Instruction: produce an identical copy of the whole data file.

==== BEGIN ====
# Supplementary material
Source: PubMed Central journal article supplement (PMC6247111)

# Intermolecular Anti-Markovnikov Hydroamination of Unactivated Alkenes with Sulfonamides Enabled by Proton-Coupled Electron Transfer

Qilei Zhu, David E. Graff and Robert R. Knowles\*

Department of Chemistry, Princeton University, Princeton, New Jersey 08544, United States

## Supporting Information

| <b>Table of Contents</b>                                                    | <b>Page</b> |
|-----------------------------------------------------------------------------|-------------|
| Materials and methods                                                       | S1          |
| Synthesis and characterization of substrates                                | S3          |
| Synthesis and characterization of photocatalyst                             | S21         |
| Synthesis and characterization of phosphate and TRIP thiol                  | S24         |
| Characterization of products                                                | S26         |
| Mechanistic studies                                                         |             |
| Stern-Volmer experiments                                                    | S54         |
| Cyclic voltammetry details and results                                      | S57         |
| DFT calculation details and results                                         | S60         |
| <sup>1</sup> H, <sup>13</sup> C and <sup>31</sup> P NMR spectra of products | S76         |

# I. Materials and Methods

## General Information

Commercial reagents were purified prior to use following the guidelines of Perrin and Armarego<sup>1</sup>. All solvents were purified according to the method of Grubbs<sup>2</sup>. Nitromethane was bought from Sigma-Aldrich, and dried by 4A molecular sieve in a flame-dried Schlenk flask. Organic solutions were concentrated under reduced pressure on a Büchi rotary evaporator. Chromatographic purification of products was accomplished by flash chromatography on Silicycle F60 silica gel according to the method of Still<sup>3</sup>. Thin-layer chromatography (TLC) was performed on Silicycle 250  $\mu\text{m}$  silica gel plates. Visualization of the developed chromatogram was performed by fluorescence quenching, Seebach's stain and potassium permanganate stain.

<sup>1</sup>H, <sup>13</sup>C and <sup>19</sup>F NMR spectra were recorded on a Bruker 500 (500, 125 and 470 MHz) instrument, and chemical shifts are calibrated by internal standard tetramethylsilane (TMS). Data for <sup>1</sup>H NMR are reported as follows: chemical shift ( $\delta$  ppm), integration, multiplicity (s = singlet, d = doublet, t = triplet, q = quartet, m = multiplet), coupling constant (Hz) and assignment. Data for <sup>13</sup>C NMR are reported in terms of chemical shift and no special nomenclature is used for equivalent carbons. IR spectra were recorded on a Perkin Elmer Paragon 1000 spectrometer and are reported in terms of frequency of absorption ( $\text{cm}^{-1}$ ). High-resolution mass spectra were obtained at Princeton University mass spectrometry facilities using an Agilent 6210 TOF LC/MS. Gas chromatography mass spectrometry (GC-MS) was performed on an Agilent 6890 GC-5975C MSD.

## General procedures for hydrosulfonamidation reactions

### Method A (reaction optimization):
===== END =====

# Supplementary material
Source: PubMed Central journal article supplement (PMC6247111)

# Intermolecular Anti-Markovnikov Hydroamination of Unactivated Alkenes with Sulfonamides Enabled by Proton-Coupled Electron Transfer

Qilei Zhu, David E. Graff and Robert R. Knowles\*

Department of Chemistry, Princeton University, Princeton, New Jersey 08544, United States

## Supporting Information

| <b>Table of Contents</b>                                                    | <b>Page</b> |
|-----------------------------------------------------------------------------|-------------|
| Materials and methods                                                       | S1          |
| Synthesis and characterization of substrates                                | S3          |
| Synthesis and characterization of photocatalyst                             | S21         |
| Synthesis and characterization of phosphate and TRIP thiol                  | S24         |
| Characterization of products                                                | S26         |
| Mechanistic studies                                                         |             |
| Stern-Volmer experiments                                                    | S54         |
| Cyclic voltammetry details and results                                      | S57         |
| DFT calculation details and results                                         | S60         |
| <sup>1</sup> H, <sup>13</sup> C and <sup>31</sup> P NMR spectra of products | S76         |

# I. Materials and Methods

## General Information

Commercial reagents were purified prior to use following the guidelines of Perrin and Armarego<sup>1</sup>. All solvents were purified according to the method of Grubbs<sup>2</sup>. Nitromethane was bought from Sigma-Aldrich, and dried by 4A molecular sieve in a flame-dried Schlenk flask. Organic solutions were concentrated under reduced pressure on a Büchi rotary evaporator. Chromatographic purification of products was accomplished by flash chromatography on Silicycle F60 silica gel according to the method of Still<sup>3</sup>. Thin-layer chromatography (TLC) was performed on Silicycle 250  $\mu\text{m}$  silica gel plates. Visualization of the developed chromatogram was performed by fluorescence quenching, Seebach's stain and potassium permanganate stain.

<sup>1</sup>H, <sup>13</sup>C and <sup>19</sup>F NMR spectra were recorded on a Bruker 500 (500, 125 and 470 MHz) instrument, and chemical shifts are calibrated by internal standard tetramethylsilane (TMS). Data for <sup>1</sup>H NMR are reported as follows: chemical shift ( $\delta$  ppm), integration, multiplicity (s = singlet, d = doublet, t = triplet, q = quartet, m = multiplet), coupling constant (Hz) and assignment. Data for <sup>13</sup>C NMR are reported in terms of chemical shift and no special nomenclature is used for equivalent carbons. IR spectra were recorded on a Perkin Elmer Paragon 1000 spectrometer and are reported in terms of frequency of absorption ( $\text{cm}^{-1}$ ). High-resolution mass spectra were obtained at Princeton University mass spectrometry facilities using an Agilent 6210 TOF LC/MS. Gas chromatography mass spectrometry (GC-MS) was performed on an Agilent 6890 GC-5975C MSD.

## General procedures for hydrosulfonamidation reactions

### Method A (reaction optimization):